“I’ve heard of murder cases where you don’t know the killer, but this is the first one where you don’t even know the victim.”
The village of Stockbridge, Connecticut, is not exactly a hotbed of crime. Still, it is rare for police chief Fred Fellows to be confronted with an offense that is at once so petty and so baffling as the break-in at the realty office. What possible motive could someone have for stealing a file of signed leases?
Police soon discover that one of the missing leases belongs to a property now abandoned by its renter. He has left something behind, however—the dismembered corpse of a murdered woman. Now this small-town police force must find the phantom killer of an unknown victim.
Sleep Long, My Love is one of a series of police procedurals featuring Fred Fellows and his partner Sid Wilks, sequels in all but name to Hillary Waugh’s groundbreaking novel Last Seen Wearing. Like that earlier book, Sleep Long, My Love is a slightly gritty look at old-school police work, with a frankness and a level of forensic detail that is surprising for the era. What makes this case particularly fascinating is the complete lack of information Fellows and Wilks begin with, and the massive efforts required to identify an unknown victim and killer in a predigital, pre-DNA era. Through it all, the narrative remains engaging—the officers may be bored or frustrated, but the reader never is.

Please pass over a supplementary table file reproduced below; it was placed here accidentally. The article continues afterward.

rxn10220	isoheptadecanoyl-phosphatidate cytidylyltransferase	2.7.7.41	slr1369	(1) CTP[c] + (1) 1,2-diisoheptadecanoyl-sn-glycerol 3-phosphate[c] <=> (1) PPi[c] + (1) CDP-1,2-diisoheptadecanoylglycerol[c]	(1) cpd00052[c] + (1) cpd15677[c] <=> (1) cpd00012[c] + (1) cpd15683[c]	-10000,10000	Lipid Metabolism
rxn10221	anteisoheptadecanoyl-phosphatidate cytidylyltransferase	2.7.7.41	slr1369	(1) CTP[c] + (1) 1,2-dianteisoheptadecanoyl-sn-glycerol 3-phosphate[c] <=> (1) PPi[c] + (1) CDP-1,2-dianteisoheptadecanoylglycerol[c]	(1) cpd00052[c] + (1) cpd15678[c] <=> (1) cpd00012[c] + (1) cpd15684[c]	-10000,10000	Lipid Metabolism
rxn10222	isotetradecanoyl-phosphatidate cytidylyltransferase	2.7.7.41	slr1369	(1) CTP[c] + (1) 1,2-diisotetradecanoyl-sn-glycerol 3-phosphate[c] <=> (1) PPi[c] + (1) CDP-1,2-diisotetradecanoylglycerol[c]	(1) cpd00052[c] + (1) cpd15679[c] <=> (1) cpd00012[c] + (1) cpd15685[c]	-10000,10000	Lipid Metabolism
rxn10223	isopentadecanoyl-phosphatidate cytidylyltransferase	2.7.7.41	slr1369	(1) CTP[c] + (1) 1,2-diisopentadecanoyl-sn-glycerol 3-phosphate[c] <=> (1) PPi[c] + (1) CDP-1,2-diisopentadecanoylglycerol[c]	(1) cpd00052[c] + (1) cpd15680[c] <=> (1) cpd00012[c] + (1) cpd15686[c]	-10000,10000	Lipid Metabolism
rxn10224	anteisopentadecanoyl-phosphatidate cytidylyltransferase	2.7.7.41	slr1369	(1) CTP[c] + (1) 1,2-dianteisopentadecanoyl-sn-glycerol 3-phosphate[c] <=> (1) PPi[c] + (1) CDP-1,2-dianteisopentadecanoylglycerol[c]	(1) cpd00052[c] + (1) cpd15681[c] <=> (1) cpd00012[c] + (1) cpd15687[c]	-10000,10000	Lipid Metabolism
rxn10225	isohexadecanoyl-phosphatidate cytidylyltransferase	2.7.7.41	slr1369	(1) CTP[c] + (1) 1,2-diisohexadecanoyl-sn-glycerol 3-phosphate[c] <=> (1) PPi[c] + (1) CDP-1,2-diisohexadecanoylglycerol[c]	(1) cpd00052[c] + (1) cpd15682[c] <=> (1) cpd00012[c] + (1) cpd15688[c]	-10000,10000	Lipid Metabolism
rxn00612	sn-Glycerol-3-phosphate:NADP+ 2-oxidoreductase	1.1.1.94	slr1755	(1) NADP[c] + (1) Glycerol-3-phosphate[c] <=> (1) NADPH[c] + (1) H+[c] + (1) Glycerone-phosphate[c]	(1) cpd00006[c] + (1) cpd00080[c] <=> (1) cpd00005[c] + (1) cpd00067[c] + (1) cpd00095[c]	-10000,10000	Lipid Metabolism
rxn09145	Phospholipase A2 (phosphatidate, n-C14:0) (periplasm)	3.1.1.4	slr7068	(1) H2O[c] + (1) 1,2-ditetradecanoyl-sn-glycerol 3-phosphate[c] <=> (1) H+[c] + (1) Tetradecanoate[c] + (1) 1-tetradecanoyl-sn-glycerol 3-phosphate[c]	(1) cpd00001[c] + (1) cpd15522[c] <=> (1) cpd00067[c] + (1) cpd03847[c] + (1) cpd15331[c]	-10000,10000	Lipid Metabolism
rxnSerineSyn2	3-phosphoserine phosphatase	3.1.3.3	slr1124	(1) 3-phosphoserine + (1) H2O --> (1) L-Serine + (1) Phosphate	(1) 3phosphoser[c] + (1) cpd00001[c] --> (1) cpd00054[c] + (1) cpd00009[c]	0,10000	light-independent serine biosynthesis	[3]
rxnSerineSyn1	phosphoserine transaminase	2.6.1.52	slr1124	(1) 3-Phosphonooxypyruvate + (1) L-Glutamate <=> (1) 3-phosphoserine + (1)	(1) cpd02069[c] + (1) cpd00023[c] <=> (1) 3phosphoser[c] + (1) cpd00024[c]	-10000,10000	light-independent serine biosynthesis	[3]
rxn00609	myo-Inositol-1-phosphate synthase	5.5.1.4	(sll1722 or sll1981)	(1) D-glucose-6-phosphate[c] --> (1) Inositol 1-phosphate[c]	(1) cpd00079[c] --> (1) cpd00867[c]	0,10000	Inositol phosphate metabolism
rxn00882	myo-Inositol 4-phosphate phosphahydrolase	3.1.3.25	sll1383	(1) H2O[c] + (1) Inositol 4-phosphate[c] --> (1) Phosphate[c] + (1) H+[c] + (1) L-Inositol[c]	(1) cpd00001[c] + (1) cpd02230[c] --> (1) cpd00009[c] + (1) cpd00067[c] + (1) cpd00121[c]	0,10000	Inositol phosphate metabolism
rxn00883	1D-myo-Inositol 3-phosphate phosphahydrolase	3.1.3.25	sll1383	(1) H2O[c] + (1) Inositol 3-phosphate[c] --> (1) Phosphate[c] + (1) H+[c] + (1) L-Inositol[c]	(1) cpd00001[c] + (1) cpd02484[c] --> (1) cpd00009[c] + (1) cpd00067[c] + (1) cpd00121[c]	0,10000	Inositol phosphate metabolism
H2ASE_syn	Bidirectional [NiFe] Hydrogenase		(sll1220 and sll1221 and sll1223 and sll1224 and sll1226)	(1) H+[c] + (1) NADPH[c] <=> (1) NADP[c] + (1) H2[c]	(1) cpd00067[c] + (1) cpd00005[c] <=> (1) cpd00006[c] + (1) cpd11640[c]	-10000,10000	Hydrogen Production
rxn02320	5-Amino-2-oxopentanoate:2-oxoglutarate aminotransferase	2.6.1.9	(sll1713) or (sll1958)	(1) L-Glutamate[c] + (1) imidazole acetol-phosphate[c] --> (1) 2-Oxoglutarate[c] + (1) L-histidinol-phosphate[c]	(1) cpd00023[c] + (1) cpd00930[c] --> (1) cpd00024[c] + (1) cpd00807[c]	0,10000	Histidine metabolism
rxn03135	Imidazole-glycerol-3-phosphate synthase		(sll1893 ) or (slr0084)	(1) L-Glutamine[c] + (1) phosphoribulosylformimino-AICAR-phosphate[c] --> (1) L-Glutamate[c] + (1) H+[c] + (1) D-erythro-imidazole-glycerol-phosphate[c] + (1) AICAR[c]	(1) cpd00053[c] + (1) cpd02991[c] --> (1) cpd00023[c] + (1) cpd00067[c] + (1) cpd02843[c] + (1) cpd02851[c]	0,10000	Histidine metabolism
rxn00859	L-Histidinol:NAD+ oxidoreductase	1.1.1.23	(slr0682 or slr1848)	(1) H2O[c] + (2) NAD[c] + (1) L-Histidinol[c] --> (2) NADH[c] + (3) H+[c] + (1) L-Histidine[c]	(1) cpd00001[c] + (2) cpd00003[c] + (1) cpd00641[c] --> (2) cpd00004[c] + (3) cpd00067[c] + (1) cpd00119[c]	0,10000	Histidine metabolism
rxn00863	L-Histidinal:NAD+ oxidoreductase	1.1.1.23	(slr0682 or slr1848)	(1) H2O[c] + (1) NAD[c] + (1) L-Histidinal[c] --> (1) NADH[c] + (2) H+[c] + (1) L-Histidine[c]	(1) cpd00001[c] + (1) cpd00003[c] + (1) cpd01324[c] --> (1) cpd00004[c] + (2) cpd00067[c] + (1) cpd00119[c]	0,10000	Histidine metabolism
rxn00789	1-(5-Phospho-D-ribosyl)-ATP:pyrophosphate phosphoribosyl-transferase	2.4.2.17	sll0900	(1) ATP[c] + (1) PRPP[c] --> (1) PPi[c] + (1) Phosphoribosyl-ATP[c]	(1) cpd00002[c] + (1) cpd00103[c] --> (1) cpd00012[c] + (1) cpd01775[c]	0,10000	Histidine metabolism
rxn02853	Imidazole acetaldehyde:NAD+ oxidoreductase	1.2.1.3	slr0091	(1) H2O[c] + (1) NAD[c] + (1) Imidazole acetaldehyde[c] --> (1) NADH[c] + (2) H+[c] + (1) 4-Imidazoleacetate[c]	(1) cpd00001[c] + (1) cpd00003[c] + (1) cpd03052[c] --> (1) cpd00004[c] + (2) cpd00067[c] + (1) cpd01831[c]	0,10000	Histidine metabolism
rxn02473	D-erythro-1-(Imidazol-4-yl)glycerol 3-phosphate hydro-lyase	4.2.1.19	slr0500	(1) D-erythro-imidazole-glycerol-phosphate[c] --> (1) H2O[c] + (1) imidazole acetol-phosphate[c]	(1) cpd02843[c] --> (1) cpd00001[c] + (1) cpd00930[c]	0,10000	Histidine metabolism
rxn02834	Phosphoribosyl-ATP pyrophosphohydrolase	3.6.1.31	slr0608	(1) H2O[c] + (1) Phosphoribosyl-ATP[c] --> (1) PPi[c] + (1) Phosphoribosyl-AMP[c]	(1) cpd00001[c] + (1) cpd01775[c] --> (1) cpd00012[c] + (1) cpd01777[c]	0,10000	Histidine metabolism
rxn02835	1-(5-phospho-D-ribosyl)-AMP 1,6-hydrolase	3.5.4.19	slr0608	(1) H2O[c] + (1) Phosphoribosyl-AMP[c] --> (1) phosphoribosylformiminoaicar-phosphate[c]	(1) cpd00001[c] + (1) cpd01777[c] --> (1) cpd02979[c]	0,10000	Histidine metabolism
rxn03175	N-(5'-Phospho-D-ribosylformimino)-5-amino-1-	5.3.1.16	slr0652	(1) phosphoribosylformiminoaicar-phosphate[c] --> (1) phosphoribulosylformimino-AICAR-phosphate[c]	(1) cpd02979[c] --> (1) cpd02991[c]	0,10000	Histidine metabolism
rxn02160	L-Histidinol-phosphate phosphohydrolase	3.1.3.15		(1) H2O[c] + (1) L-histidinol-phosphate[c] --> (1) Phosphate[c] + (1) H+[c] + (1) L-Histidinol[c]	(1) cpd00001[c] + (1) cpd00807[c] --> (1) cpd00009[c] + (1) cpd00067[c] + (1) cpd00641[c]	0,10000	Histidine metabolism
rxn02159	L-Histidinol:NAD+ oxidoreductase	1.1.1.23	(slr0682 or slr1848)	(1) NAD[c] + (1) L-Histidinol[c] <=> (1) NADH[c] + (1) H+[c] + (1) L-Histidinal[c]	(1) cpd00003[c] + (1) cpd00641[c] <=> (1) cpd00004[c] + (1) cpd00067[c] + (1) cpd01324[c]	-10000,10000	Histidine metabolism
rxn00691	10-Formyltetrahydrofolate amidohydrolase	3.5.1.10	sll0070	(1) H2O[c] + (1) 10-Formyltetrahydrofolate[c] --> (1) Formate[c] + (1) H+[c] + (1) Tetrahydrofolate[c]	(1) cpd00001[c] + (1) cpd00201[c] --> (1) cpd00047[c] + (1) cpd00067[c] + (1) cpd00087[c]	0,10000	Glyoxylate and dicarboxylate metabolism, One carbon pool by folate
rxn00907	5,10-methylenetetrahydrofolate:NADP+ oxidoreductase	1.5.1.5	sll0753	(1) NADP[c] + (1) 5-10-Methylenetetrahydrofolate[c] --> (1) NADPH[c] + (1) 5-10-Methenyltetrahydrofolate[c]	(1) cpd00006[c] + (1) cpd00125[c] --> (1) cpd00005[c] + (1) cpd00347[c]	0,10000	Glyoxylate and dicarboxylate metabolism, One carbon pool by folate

The dismembered, partially burned corpse offers few clues to police. As Wilks points out, “You take a girl’s head off and there isn’t much you can tell about her.” All they know is that a dark-haired man calling himself John Campbell rented the house on a three month lease. The leasing agent didn’t ask many questions; such an isolated property is difficult to rent out even in summer, let alone in the dead of winter. Neighbors caught only a few glimpses of “Mrs. Campbell,” a thirtyish blonde.
“She was rather pretty, but kind of hard. Not tough looking, but like a girl who knew her way around.”
“Like it wasn’t the first time she’d been with a man?” suggested the chief.
“Like it wasn’t even the second.”
The man known as John Campbell seems to have vanished without a trace. Putting a name to both victim and killer forces Fellows and Wilks to think outside the box, though Wilks is openly skeptical of his boss’s tendency toward elaborate theories. Why circulate the suspect’s description among hardware companies when they know he was lying about where he worked? Because, Fellows believes, there is a grain of truth in every lie, something that causes that particular lie to rise to the surface of a suspect’s brain. Their job is to find that little bit of truth and follow where it leads.
“There’s no such thing as a perfect murder, Sid. There’s always a track that leads from the killed back to the killer and no matter how well that killer covers that track, he’s going to leave new tracks—tracks to the cover. And if he covers those, there’ll be tracks in that cover and so on. There’s always a flaw and the so-called ‘perfect crime’ means nothing more than that the police failed to find that flaw.” He gestured at the mass of papers on his desk, the reports and information on the case. “There’s a flaw in that mess somewhere. I don’t know what or where, but there’s got to be.”